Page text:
So, what did I learn?

Dat failure spike.

  1. Don’t pretend to have capacity.

    • I didn’t expect such massive server load, and as such, I assumed there would be no harm in allowing people to upload tracks when other tracks were being remixed. This ended up creating a never-ending queue of songs, and prevented anybody from...

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The Wub Machine, Revisited

The Wub Machine was a great little auto-remixer project - some audio hackery in Python to make a neat script. Unfortunately, I can probably count on one hand the number of people who actually downloaded the script and tried it on their own songs. So, I decided to make it into a web app. (try it out !)

Oh, Paul Gilbert...

I opened up my trusty Photoshop, cranked out some multicoloured waves and set “The Wub Machine” in beautiful Proxima Nova. Then I set about the immense task of actually implementing the remixer on the web.

I’d go into the technical impressiveness of the system, and how it’s brilliant and took me months to come up with… but it’s really not. It’s one big hack.

I ended up using:

  • PHP to serve the front-end, as well as serve the AJAX progress updates and interface with SoundCloud
  • Python to power and tie together all of the processing on the back-end
  • the Echo Nest Remix API to do the...

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The Wub Machine

UPDATE: I turned the Wub Machine into a website. Go and remix your own tracks!

I like dubstep.

There, I said it!

That massive bassline, two-step beat and killer rhythm has some odd allure that I can’t resist - and I’m typically a fan of rock, metal and prog!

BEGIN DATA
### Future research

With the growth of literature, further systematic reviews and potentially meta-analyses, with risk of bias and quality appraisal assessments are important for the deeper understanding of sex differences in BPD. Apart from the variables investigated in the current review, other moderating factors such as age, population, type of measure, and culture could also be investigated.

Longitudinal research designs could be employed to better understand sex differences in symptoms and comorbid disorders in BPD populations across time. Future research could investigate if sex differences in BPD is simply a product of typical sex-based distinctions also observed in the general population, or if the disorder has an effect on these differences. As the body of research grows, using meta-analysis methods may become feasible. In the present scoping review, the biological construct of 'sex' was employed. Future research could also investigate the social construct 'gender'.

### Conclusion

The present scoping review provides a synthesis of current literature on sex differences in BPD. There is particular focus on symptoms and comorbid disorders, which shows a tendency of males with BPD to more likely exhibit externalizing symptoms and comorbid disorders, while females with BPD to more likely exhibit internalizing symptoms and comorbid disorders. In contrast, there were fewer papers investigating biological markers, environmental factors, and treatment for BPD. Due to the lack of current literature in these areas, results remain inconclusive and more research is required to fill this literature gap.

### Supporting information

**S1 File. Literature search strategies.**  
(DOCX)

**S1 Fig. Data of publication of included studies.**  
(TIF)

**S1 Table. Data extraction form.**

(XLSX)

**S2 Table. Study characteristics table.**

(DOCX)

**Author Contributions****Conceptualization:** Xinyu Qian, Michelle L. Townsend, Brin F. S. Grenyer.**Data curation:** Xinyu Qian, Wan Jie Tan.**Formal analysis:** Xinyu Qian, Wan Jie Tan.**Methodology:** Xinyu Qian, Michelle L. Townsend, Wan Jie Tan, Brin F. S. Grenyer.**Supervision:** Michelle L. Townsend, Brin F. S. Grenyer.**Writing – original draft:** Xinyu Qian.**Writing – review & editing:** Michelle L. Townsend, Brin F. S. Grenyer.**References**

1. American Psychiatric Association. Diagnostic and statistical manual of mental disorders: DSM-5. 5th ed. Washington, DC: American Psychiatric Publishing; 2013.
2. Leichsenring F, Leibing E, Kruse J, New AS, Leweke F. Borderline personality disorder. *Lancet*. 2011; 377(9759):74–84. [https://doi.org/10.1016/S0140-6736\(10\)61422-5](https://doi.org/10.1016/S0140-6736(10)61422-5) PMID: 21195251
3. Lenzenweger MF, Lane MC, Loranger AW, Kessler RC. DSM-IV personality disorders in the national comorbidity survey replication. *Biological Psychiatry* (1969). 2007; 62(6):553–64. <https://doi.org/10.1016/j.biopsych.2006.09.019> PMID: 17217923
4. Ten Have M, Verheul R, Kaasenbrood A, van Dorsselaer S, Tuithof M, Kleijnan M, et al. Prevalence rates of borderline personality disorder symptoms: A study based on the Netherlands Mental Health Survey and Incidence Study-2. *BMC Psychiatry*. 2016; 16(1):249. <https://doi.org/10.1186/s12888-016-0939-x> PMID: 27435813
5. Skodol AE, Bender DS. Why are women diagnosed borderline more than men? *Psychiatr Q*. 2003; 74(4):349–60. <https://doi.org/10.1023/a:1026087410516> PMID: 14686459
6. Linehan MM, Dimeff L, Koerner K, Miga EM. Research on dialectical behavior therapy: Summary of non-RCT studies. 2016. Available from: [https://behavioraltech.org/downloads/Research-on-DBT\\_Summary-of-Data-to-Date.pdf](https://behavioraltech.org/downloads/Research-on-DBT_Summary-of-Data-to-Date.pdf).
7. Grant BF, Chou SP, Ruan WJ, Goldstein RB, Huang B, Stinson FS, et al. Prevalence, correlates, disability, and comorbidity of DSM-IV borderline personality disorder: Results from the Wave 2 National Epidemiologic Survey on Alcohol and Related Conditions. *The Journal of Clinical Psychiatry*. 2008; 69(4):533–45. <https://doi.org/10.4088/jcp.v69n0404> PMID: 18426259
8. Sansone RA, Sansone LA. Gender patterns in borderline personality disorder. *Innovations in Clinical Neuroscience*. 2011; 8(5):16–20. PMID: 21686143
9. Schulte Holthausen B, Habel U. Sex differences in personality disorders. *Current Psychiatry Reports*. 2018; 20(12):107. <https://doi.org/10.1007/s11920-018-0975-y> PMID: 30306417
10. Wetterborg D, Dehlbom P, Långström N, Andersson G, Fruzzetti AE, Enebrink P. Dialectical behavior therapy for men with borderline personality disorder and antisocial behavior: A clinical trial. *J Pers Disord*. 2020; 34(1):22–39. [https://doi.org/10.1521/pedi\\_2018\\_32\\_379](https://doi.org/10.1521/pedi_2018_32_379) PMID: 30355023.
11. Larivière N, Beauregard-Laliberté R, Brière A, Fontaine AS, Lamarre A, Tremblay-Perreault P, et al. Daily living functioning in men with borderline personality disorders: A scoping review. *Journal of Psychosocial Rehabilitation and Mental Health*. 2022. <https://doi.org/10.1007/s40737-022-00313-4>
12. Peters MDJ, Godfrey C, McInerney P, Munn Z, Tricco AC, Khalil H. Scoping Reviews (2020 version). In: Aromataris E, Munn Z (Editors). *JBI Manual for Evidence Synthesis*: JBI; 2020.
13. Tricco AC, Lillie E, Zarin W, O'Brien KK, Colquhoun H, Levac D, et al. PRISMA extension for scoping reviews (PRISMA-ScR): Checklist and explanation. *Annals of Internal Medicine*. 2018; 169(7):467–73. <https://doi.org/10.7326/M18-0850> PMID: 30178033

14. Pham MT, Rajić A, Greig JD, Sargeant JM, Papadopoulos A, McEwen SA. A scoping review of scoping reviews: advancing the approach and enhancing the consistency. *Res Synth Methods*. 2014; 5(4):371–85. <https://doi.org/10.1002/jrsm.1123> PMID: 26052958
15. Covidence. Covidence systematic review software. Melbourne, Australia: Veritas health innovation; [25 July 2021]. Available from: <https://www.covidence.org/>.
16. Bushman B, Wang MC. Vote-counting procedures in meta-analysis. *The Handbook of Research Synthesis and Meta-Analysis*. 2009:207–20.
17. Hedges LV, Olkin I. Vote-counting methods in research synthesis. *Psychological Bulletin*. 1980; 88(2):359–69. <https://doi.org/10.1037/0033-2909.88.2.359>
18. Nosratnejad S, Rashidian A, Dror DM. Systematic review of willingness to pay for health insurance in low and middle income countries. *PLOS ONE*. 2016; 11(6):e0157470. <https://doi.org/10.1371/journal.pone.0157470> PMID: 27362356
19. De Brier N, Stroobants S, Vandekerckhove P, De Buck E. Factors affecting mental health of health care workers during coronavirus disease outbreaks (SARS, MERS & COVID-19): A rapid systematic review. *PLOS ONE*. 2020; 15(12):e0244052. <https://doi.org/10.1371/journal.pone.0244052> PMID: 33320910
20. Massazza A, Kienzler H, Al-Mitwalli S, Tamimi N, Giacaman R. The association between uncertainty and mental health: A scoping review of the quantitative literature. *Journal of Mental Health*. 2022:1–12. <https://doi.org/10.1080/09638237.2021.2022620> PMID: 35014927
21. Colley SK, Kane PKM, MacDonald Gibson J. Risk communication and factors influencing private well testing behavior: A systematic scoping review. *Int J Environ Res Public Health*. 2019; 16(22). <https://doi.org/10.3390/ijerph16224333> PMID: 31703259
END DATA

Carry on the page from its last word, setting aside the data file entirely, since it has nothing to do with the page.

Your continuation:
I’m also a huge fan of the Echo Nest and their brilliant Remix API. In their words, the Remix API is an “internet synthesizer” - quite true. I can send off an mp3, and get back extremely detailed beat, timbre and pitch information within seconds. Some people have already used this to make any song swing, put a donk on any song, and much, much more.

For the first SE Hack Day, I decided to use the Remix API to automagically add dubstep to any song.

Now, as you may be able to tell from the samples above, this isn’t quite ready yet. In fact, it’s extremely rough. Even the code looks horrifically ugly. (And yes, you can download...

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A Better Music Workflow?

I produce a lot of music.

One of many, many songs.

I don’t necessarily release a lot of it (or finish all of it) but I have at least 100 songs I consider developed enough to listen to, and about 300 other song files that are just riffs, beats and vocal ideas floating alone.

With so many files, projects, songs, sounds, and work in one place, I’ve developed musical workflow that borrows a lot from software development patterns. My music tends to be produced in stages and cycles.

I’ll usually start with an idea from noodling around on some instruments, then do two things:

  1. Record (track) instruments with the main riffs of the song or basic chord structure.
  2. Record a basic drum loop and bass loop, then arrange to fit song structure.

Then, I don’t do anything.

For any length of time between a day and a month, I usually don’t touch the song-in-progress. The song needs a break, while I can forget about whatever...